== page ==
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Smart Comparison of Buffy Strings

by Cody Pendant (Prior)
on Feb 03, 2002 at 00:23 UTC ( #142994=perlquestion: print w/ replies, xml ) Need Help??
Cody Pendant has asked for the wisdom of the Perl Monks concerning the following question:

This is a more or less theoretical question, but I hope that fellow monks might find it interesting.

I'm working on a database of quotes (from Buffy The Vampire Slayer).

I want people to be able to add a quote to the database, but I also want to check the quote isn't already there.

So say I have this quote in the database:

I walk. I talk. I shop, I sneeze. I'm gonna be a fireman when the floods roll back. There's trees in the desert since you moved out. And I don't sleep on a bed of bones.

what if someone comes along and enters an abbreviated version -- say they think it's better just as:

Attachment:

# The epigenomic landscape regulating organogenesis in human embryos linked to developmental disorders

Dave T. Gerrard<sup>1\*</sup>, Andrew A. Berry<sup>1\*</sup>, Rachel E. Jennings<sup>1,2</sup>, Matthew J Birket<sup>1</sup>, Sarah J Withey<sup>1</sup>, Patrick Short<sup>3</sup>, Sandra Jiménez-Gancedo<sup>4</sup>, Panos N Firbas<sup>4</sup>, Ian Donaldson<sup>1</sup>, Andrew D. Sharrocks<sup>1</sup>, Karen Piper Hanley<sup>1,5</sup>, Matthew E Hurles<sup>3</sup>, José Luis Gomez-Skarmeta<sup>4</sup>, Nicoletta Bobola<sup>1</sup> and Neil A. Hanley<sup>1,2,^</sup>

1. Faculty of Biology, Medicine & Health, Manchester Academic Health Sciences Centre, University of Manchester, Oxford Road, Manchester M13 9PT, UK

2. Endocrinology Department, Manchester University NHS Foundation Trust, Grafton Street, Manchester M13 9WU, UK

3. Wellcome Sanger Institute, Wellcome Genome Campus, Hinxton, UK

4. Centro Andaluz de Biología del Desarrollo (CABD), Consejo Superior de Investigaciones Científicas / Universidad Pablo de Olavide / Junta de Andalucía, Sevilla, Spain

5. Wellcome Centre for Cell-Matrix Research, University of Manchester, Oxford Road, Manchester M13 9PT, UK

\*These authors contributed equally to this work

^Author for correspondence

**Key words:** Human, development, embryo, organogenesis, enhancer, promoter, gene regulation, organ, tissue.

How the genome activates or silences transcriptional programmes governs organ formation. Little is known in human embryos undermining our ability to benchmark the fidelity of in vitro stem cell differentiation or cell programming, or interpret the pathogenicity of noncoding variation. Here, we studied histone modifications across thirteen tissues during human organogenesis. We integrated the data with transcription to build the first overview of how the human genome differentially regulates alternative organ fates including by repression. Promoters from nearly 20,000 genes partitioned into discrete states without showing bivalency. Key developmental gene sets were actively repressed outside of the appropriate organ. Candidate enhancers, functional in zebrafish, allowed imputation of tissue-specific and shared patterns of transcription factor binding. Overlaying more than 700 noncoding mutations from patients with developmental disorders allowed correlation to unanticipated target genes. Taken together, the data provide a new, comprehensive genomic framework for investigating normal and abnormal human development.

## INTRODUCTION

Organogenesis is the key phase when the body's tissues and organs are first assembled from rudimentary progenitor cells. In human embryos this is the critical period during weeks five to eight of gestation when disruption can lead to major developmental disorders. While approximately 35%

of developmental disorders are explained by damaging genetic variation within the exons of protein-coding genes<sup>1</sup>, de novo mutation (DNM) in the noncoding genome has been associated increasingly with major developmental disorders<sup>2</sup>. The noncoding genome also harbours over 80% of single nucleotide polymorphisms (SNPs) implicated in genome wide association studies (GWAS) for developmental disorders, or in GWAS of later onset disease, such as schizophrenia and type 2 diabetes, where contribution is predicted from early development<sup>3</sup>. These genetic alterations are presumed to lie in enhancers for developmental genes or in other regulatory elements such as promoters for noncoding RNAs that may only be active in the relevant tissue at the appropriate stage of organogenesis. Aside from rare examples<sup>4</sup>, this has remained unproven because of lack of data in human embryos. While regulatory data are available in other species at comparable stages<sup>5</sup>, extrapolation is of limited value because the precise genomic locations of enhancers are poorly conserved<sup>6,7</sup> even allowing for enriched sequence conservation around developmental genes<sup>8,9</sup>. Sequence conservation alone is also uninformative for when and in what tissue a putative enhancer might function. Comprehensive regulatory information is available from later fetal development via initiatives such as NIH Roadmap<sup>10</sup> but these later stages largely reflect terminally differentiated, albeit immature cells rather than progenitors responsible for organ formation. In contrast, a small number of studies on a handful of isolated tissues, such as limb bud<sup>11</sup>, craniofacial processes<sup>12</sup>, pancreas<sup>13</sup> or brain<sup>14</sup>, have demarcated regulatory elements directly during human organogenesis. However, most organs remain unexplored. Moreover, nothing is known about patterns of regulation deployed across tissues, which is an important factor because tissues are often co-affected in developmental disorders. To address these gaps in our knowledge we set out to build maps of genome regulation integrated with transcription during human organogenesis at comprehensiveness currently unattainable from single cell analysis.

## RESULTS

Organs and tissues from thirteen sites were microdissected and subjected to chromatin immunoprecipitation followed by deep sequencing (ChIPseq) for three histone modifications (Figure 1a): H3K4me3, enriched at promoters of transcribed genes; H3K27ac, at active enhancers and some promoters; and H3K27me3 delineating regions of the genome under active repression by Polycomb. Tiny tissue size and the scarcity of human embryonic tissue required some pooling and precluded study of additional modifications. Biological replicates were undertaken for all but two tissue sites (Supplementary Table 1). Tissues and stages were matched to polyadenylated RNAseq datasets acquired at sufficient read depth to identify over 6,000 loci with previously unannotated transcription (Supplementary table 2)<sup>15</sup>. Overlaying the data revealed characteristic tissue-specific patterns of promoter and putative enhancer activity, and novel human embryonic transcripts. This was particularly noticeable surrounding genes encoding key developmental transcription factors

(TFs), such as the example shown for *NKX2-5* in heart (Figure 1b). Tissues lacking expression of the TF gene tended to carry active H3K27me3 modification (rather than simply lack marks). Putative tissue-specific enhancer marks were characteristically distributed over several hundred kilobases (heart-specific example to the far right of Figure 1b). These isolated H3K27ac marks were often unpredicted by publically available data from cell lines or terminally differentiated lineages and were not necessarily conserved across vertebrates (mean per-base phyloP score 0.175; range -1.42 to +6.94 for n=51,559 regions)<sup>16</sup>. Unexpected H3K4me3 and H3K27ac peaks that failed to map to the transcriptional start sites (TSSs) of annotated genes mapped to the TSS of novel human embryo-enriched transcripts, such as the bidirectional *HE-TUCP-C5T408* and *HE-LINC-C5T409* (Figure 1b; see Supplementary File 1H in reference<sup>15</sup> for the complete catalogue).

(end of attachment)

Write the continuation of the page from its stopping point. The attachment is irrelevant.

I'm gonna be a fireman when the floods roll back. There's trees in the desert since you moved out.

or what if their spelling/interpretation differs slightly:

I'm going to be a fireman when the floods roll back. ^^^^^^^^^^^

I would like to be able to somehow compare the strings in such a way that the fact that the quote is already entered shows up, despite the fact that it's not exactly the same, either shorter or longer or slightly differently written in some aspects.

I can't think of a smart way to do this, though of course you could just compare all possible substrings of the two strings, which seems overly mechanical.

The result should presumably be a percentage score or similar?

Thanks in Advance,
CP

--
Weaselling out of things is important. It's what separates us from the animals ... except the weasel.

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Re: Smart Comparison of Buffy Strings